Pop quiz: What's the most current safety standard manual for warehouse rack?
Answer: It's the "Considerations for the Planning and Use of Industrial Steel Storage Racks" Manual [2016 Edition], published By the Rack Manufacturers Institute.
Every warehouse manager needs to know & follow the safety guidelines it contains. But the manual's over 60 pages long...who has time to read all that?
So the Forklift Boss did it for you. I went through the entire manual, and extracted what I think are the 15 most important guidelines for safe rack setup. That's what we have for you today—a "Cliffs Notes" of ways to keep your warehouse's rack sturdy and your workers safe.
If you're not familiar with rack setup, let this serve as a quick introduction. If you're already familiar with rack setup, let this be a refresher for you.
Let's get started.
RACK SETUP/INSTALLATION GUIDELINES
- Always plan around weather when designing your rack space. Earthquakes, wind, snow, rain/flooding, heat waves...all factor into stabilizing rack.
- Every rack setup plan should include: Forklifts used, required aisle width, max lift height on trucks, pallet/box load size & weight, bay width, rack type, egress, lighting, sprinkler requirements, & rack component specifications.
- Remember the permit before, and the CO after. Code permit for building the rack, and the Certificate of Occupancy when you've finished installing.
- Floor considerations: Floors should have a minimum of 5,000lbs concentrated load with a clear ceiling height of 15 feet. For every 5 feet over 15 above the top rack, add 2,500lbs to minimum load. (This is on a 4' x 8' floor grid.)
- Keep a safe egress. In most warehouses, the max egress (distance to an exit door from any point inside) is 400 feet with sprinklers installed, or 300 feet without sprinklers. If rack, forklifts, or other equipment prevent safe egress in this distance, you may need to partially redesign the warehouse layout.
- Adding new rack alongside existing rack? Test the attachment method with a warehouse design expert first! You should know the attachments will be compatible beforehand, or you're at risk of detachment & load collapse.
RACK SAFETY GUIDELINES
- Make sure your rack type will fully support the type of pallet you use. Wood, steel, and plastic pallets need certain rack types (drive-in, push-back, etc.). Example – If your rack uses a rail system, it won't have strong support in the middle. Plastic pallets may sag in the middle and cause product damage on these.
- Maintain good clearance around loads. Keep 6" between loads within a rack space, and 3" between each load & its rack column. Use tape or markers to ID so forklift operators can recognize clearance at a glance.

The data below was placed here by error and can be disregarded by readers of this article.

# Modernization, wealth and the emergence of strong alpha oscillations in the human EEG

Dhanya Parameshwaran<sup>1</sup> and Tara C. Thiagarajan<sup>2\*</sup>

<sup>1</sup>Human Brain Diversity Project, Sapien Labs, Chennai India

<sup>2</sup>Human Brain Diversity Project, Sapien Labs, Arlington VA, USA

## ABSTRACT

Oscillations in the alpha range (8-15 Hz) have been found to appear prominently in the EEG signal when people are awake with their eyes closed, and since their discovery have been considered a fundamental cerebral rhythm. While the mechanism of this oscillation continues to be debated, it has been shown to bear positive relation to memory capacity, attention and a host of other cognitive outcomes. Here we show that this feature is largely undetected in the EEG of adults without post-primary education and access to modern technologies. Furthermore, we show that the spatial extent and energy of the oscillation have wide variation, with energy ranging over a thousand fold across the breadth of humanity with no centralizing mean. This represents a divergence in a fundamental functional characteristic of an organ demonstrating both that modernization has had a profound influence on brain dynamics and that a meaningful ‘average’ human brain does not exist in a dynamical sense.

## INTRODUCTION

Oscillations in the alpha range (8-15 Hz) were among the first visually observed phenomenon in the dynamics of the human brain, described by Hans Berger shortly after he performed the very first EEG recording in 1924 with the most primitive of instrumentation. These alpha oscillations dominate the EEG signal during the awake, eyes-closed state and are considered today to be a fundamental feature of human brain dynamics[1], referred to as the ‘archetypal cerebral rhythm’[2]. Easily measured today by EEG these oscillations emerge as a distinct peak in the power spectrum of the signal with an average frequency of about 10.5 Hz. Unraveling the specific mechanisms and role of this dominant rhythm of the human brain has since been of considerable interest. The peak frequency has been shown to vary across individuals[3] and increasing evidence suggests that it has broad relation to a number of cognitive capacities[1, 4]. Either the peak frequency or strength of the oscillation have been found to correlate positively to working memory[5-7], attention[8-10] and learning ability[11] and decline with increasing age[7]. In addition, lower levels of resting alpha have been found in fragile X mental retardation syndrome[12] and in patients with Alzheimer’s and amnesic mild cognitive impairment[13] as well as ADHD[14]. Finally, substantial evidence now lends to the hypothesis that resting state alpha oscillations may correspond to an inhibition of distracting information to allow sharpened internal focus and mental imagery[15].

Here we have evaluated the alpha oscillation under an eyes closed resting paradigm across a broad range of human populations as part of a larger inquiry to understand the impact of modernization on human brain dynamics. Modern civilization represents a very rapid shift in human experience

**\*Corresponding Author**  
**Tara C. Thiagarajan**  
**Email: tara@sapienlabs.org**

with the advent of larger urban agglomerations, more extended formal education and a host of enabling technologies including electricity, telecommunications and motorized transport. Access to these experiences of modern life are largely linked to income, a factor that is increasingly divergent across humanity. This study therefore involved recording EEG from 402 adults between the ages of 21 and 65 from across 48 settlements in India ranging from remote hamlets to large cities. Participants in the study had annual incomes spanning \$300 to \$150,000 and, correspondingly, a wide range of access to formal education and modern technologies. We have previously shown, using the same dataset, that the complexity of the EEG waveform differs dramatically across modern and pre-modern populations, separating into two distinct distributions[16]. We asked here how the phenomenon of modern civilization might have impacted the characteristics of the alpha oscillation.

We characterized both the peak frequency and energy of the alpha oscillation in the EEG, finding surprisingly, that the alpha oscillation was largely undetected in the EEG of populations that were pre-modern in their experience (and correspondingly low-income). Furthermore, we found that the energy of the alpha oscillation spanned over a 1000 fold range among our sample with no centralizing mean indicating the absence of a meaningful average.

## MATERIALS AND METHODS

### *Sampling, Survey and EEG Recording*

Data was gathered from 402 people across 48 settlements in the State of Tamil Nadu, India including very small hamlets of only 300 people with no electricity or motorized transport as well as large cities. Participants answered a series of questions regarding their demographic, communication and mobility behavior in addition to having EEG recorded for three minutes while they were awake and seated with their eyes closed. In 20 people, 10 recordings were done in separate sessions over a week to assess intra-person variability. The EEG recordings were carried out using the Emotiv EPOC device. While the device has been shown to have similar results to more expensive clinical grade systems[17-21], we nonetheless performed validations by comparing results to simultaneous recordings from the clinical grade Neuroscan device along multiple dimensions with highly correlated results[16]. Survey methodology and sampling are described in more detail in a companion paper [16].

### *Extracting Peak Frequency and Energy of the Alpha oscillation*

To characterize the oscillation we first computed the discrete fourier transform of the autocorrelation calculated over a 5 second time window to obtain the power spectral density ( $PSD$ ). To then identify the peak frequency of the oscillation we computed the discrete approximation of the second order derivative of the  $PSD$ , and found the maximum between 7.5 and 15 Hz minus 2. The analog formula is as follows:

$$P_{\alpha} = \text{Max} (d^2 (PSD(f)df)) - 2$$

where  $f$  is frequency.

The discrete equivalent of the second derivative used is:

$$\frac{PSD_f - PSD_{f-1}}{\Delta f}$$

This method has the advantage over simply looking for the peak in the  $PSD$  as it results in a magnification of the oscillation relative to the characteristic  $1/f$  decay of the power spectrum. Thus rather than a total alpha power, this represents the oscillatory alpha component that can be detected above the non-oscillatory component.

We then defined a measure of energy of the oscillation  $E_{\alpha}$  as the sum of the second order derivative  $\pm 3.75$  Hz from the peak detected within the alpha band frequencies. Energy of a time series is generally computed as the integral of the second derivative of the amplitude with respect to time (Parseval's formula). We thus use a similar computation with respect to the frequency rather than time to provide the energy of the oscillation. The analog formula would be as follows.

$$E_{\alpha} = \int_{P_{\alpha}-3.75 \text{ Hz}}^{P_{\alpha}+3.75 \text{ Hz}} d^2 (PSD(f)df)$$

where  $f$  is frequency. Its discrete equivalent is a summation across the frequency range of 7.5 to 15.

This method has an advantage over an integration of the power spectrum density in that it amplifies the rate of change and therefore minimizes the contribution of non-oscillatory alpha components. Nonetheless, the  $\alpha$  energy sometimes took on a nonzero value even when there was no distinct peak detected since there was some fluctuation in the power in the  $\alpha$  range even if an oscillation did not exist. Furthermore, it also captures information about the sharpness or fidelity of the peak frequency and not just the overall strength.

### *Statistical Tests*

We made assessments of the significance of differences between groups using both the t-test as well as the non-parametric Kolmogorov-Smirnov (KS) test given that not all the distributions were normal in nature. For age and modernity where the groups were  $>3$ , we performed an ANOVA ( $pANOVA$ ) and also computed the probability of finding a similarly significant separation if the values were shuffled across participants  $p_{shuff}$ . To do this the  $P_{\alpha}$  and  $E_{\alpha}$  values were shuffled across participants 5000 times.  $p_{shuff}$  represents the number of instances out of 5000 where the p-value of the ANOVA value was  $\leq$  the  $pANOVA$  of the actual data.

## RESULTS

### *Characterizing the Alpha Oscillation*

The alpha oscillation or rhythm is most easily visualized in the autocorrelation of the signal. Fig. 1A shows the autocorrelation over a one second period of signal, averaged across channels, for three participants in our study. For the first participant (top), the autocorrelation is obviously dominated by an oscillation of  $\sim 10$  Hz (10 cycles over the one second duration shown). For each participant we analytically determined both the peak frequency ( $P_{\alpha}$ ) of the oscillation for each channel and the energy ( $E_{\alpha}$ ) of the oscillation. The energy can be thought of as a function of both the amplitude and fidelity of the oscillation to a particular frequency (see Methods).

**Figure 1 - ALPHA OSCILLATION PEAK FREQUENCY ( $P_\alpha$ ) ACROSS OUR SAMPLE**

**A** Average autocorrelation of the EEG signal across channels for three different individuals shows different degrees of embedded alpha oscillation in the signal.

- Every rack column must have a bolt anchor to the floor. Inspect every anchor bolt when finished installing new rack.
- If you have painted rack, make sure it's in a safe indoor storage area! Exposure to outdoor weather or regular moisture may cause the paint to flake or chip. This is a toxic hazard if breathed in.
- Always buy rack that carries RMI Specification. If for no other reason than seismic safety. California is in the highest seismic risk zone in the US. With RMI-approved rack and a design expert, you'll know that all your racks will hold up during most earthquakes.
- Use straddle guards or column protectors on your racks. These prevent forklifts from accidentally running to & damaging rack columns at ground-level. You can attach protectors to the rack column, the floor beside it, or both.
LOAD SAFETY GUIDELINES
- Remember OSHA requires that all product stored on rack must be contained, or blocked to prevent it sliding off. (Load Containment/Confinement, Section 6.3)
- Post load plaques to EVERY load shelf & the rack bay. These display the load limits & details, reminding all staff on safety. Here are some load plaque examples.
The rack supplier should stock these as well.
- The #1 cause of rack failure is of course over-loading. The #2 cause is forklift impact. Guard against impacts by:
- Building sufficient clearance (horizontal & vertical) into each rack column.
- Training drivers on safe forklift operation.
- Use sufficient lighting on warehouse ceiling, floor, aisles, and on forklifts themselves.
- Impact protection devices, as I just mentioned.
Warehouse Safety is in the Planning
The RMI manual does have more information on rack specifications & material handling. If you want to read the full manual, it's available for purchase at: http://www.mhi.org/rmi
These guidelines illustrate the most important aspect of all rack setup – safe, sturdy construction & maintenance. Buy good-quality rack, put these guidelines into practice at your warehouse, and you’ll take one major worry off the plate.
Until next month!
Marshall Cromer, The Forklift Boss
Cromer Material Handling
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